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In terms of testing, building some setup harnesses for FK data shouldn't be too hard. It's also reuseable work, so that doesn't seem to be a valid argument for anything other than laziness.

However, if orphaned data isn't an issue for the business, then it isn't. If customers can re-enter information, and it doesn't impact business, then it's inefficient, but not wrong.

I'd argue the FKs prevent issues, and I've seen that in most applications, but potentially it isn't an issue, or less of an issue, than the application reporting errors to users. If that's the case, I'd make sure I had queries and checks written to look for orphaned or semi-lost data so I could find it if someone raises an issue.

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Steve-3_5_7_9
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Depending on your organizational structure, I would also mention that it really isn't their decision to make; it's more of a business decision.

Does the business know of
1. the existence of orphaned records and how it is affecting the data integrity
2. the potential of orphaned records and how that might affect the data integrity
3. Are the business rules being enforced?

I've seen the argument for not using FK's and enforcing business rules in the application, as well as parent/child relationships. For me, I haven't been convinced that it's better to not use FK's. One of our core responsibilities as a DBA is to protect the integrity of the data. We need to do everything within our power to do so, but due to business requirements do not always "win", but at the very least, the business is aware of the ramifications of not enforcing rules. I'd also document their decision.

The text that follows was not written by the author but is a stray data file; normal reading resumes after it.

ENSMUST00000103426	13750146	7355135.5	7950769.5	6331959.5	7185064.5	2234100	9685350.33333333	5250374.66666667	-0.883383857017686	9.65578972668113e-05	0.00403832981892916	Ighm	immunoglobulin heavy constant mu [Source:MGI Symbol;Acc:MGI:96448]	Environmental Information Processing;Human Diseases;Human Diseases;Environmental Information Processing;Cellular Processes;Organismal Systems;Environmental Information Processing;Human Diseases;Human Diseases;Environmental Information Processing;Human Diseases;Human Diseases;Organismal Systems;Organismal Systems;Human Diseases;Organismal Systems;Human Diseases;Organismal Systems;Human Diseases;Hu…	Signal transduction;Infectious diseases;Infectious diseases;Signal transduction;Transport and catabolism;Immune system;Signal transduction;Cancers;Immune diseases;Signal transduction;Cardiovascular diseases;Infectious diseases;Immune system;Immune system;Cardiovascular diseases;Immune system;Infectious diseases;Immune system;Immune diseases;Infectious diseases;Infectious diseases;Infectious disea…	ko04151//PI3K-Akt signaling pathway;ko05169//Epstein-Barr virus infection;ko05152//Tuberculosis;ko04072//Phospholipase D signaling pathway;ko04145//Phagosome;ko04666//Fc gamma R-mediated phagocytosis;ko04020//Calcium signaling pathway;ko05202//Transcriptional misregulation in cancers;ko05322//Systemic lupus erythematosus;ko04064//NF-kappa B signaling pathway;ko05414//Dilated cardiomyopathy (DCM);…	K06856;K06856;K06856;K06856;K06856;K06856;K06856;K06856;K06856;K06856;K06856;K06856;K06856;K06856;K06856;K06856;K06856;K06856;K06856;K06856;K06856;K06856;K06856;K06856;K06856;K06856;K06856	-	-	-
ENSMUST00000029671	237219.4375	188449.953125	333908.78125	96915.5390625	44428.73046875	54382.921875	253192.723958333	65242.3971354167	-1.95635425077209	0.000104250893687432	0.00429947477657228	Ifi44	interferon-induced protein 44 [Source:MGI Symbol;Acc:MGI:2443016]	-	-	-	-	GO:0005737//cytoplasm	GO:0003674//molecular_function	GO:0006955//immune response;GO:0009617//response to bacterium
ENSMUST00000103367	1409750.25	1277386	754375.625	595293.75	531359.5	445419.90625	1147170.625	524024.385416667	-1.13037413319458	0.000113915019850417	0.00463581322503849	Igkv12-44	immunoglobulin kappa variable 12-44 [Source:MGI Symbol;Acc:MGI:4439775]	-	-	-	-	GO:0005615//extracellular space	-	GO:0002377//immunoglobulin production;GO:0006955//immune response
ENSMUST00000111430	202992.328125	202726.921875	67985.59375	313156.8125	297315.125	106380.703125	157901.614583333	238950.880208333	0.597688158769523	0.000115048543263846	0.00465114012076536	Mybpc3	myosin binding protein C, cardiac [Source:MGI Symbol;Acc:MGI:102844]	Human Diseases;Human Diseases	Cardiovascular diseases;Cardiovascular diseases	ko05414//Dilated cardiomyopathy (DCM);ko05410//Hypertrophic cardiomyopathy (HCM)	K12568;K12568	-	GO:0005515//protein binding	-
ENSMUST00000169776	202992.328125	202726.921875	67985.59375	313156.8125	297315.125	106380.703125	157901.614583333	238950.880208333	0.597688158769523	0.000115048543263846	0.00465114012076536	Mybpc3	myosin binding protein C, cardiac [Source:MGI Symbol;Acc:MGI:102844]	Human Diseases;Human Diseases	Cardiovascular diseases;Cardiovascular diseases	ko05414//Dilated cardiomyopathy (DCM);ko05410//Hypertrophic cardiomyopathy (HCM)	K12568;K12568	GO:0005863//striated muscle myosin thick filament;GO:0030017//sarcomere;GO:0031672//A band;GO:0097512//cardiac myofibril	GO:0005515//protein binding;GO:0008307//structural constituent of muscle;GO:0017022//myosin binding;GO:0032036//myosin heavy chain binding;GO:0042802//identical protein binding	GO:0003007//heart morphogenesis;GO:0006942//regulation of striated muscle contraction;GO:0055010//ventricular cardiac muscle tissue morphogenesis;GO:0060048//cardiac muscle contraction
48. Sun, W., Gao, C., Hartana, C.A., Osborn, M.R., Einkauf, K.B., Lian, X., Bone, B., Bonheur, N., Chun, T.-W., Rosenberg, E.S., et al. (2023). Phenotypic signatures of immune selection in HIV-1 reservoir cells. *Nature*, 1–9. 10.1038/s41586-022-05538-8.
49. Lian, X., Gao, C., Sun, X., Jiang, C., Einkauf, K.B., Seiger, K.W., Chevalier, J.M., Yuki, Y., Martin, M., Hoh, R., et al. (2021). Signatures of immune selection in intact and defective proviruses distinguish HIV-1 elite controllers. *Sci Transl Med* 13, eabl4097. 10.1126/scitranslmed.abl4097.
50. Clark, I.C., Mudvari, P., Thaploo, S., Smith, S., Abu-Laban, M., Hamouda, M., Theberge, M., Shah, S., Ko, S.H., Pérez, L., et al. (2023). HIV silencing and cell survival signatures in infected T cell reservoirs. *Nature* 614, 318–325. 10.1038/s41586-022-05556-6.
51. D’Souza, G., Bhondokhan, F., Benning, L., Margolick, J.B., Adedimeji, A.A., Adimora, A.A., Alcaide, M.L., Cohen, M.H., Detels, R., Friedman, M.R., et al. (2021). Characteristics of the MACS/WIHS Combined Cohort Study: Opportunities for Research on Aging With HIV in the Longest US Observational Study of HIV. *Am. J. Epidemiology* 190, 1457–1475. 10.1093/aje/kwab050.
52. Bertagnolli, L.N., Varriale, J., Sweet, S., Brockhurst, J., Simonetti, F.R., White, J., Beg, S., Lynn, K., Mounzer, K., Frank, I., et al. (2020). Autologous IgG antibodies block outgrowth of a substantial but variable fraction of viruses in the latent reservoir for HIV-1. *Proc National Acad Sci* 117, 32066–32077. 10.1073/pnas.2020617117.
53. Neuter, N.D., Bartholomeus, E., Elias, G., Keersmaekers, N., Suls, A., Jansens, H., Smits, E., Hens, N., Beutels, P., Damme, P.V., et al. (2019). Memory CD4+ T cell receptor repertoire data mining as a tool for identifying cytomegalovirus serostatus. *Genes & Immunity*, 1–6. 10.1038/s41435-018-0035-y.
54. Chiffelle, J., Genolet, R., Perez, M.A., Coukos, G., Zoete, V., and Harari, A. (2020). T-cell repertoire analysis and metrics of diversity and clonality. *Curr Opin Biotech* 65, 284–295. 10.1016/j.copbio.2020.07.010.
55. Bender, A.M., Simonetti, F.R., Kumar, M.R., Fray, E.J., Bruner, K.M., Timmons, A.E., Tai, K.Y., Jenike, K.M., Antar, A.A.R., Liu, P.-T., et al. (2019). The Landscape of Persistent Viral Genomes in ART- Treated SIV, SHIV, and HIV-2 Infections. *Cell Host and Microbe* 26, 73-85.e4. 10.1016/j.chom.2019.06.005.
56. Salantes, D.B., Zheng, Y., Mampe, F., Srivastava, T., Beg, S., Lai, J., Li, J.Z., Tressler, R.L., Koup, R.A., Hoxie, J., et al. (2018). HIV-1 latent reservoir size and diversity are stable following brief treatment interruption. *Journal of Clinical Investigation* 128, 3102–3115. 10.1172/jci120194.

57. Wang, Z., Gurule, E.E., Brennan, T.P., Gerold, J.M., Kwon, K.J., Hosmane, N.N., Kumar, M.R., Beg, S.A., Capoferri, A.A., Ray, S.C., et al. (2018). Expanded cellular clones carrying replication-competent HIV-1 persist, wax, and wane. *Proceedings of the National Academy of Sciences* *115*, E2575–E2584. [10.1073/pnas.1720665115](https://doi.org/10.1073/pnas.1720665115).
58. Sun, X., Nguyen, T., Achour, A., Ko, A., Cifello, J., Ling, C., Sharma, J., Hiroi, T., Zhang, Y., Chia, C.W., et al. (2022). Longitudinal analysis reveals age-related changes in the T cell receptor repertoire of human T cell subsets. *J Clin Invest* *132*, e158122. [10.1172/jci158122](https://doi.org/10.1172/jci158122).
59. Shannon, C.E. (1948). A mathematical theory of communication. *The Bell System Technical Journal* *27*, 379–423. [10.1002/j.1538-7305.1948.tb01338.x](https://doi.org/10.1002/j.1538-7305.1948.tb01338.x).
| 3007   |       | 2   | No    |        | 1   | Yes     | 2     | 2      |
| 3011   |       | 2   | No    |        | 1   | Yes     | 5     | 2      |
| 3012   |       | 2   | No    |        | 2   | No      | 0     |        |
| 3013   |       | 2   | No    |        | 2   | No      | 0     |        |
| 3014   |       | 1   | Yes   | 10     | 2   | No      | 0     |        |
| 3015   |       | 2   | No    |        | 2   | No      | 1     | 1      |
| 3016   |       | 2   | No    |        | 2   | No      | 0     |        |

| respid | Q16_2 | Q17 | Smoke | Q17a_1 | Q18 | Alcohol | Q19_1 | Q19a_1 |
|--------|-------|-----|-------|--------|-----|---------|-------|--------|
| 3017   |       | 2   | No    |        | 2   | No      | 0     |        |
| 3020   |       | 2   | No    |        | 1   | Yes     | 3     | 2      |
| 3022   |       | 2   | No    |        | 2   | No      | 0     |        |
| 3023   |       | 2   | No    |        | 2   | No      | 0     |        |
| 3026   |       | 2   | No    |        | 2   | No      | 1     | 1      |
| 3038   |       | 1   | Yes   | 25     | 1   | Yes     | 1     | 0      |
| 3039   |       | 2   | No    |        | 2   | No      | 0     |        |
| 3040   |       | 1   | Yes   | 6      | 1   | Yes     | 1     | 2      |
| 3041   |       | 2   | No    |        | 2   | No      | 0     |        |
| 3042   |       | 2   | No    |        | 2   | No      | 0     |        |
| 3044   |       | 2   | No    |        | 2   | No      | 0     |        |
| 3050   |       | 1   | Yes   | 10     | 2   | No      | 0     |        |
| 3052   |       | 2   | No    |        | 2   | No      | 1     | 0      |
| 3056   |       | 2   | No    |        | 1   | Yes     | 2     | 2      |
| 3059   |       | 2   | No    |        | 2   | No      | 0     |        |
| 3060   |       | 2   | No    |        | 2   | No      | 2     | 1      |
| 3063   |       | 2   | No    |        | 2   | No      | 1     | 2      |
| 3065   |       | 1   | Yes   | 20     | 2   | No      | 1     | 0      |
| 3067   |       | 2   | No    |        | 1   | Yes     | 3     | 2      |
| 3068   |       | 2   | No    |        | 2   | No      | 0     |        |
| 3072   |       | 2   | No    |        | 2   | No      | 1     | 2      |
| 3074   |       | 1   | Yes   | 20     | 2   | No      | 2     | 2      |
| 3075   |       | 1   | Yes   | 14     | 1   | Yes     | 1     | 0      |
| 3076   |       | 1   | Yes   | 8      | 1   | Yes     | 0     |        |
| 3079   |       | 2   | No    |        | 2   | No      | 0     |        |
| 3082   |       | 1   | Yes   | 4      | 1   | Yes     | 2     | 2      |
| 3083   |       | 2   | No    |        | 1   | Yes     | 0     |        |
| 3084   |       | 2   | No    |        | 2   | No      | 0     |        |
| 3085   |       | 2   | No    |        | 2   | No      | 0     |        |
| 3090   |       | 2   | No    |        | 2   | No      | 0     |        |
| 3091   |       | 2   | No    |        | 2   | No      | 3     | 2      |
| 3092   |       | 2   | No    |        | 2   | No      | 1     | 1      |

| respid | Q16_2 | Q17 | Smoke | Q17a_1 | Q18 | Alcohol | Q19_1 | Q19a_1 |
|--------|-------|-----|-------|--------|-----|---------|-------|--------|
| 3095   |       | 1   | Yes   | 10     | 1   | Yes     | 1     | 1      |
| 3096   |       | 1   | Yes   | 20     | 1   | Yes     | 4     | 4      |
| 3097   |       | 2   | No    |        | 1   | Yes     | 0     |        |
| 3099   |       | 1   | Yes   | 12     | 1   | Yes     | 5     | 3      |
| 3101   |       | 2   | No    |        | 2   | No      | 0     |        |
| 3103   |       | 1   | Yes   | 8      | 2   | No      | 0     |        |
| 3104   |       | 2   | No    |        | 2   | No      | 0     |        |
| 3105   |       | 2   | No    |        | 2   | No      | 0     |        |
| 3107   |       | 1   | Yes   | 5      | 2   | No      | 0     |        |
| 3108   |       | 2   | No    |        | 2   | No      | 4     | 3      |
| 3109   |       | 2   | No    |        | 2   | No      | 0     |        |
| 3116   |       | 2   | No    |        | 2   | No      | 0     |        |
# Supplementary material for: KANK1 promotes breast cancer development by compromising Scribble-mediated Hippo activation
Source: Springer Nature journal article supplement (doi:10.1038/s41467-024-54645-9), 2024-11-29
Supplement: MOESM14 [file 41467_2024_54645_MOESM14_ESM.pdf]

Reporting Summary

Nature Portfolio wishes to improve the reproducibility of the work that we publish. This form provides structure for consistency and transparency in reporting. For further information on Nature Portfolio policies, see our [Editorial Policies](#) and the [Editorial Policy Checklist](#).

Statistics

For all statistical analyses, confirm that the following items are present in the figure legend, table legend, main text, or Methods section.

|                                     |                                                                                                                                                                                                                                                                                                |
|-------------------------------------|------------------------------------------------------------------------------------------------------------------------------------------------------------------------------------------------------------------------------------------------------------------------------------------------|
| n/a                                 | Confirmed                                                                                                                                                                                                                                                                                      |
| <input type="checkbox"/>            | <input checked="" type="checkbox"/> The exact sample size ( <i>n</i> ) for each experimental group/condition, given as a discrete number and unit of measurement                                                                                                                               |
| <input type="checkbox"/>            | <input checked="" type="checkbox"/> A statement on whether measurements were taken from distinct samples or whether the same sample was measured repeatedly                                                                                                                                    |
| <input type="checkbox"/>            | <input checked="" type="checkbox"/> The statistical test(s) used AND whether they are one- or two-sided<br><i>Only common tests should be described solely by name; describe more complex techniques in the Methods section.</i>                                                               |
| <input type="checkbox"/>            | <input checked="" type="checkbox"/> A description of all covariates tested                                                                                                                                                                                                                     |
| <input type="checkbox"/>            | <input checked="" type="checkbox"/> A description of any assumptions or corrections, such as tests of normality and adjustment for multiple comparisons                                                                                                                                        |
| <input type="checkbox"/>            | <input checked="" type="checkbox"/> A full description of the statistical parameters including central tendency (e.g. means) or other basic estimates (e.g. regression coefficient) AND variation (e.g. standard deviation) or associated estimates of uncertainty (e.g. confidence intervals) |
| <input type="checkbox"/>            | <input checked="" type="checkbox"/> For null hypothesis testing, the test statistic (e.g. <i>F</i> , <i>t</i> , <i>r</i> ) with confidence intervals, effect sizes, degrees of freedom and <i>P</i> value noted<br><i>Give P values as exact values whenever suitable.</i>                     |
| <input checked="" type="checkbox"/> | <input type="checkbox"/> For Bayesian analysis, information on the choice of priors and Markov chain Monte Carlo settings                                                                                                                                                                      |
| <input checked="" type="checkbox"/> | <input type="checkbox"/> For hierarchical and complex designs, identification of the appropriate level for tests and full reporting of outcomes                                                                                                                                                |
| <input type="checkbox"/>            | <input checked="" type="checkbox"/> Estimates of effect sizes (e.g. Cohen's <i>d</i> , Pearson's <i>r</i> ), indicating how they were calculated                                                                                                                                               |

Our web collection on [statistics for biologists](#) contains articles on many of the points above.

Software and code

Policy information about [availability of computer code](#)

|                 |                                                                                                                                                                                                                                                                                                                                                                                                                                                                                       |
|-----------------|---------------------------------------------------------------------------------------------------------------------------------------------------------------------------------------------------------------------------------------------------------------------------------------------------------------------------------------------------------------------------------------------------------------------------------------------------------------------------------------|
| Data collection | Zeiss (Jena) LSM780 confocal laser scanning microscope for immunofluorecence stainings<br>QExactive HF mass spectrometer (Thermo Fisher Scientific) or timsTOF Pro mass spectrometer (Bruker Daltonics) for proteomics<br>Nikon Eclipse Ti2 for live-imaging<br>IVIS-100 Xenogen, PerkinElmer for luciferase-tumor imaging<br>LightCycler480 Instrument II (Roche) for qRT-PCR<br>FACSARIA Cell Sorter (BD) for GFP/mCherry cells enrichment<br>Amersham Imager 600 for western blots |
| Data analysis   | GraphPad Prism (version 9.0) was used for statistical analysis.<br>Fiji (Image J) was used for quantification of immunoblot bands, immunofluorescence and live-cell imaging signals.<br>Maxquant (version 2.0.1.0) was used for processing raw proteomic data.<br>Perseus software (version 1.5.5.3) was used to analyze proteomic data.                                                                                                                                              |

Even still, on a number of occasions I've advised the business that something may need to be enforced or tables/schemas should be set up a certain way to prevent future problems or to provide for future features and they said they cannot see the situation where it was necessary. Then a year or two later, they want the recommendation and even though it was documented, "rework" had to be done.

Do you have the support of your manager? What are the database and application standards at your organization? If you don't have any database standards, consider writing some up and presenting them to your manager and the team.

The best you can do is maintain your integrity by making the case to the business and documenting the results.

Best of luck,
Steve



Grant Fritchey
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Just remember that enforcing referential constraints doesn't just ensure good, clean data. You also get performance enhancements when the query optimizer knows that foreign key constraints are in place and enforced. The clean data argument alone should be enough to win this argument, but it doesn't hurt to also know about the performance enhancements.

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Unless management "sees the light" and fully backs you in bringing order into chaos you're going to lose. It works and they haven't had problems they're willing to address.

Try for incremental changes such as formal review of new databases/tables that require the DBA team sign off on them. That might be enough of a start to move things along.

If management isn't going to actively and consistently support you then don't give yourself an ulcer. Realize you're going to be living with that environment going forward. Then decide if you want to work there.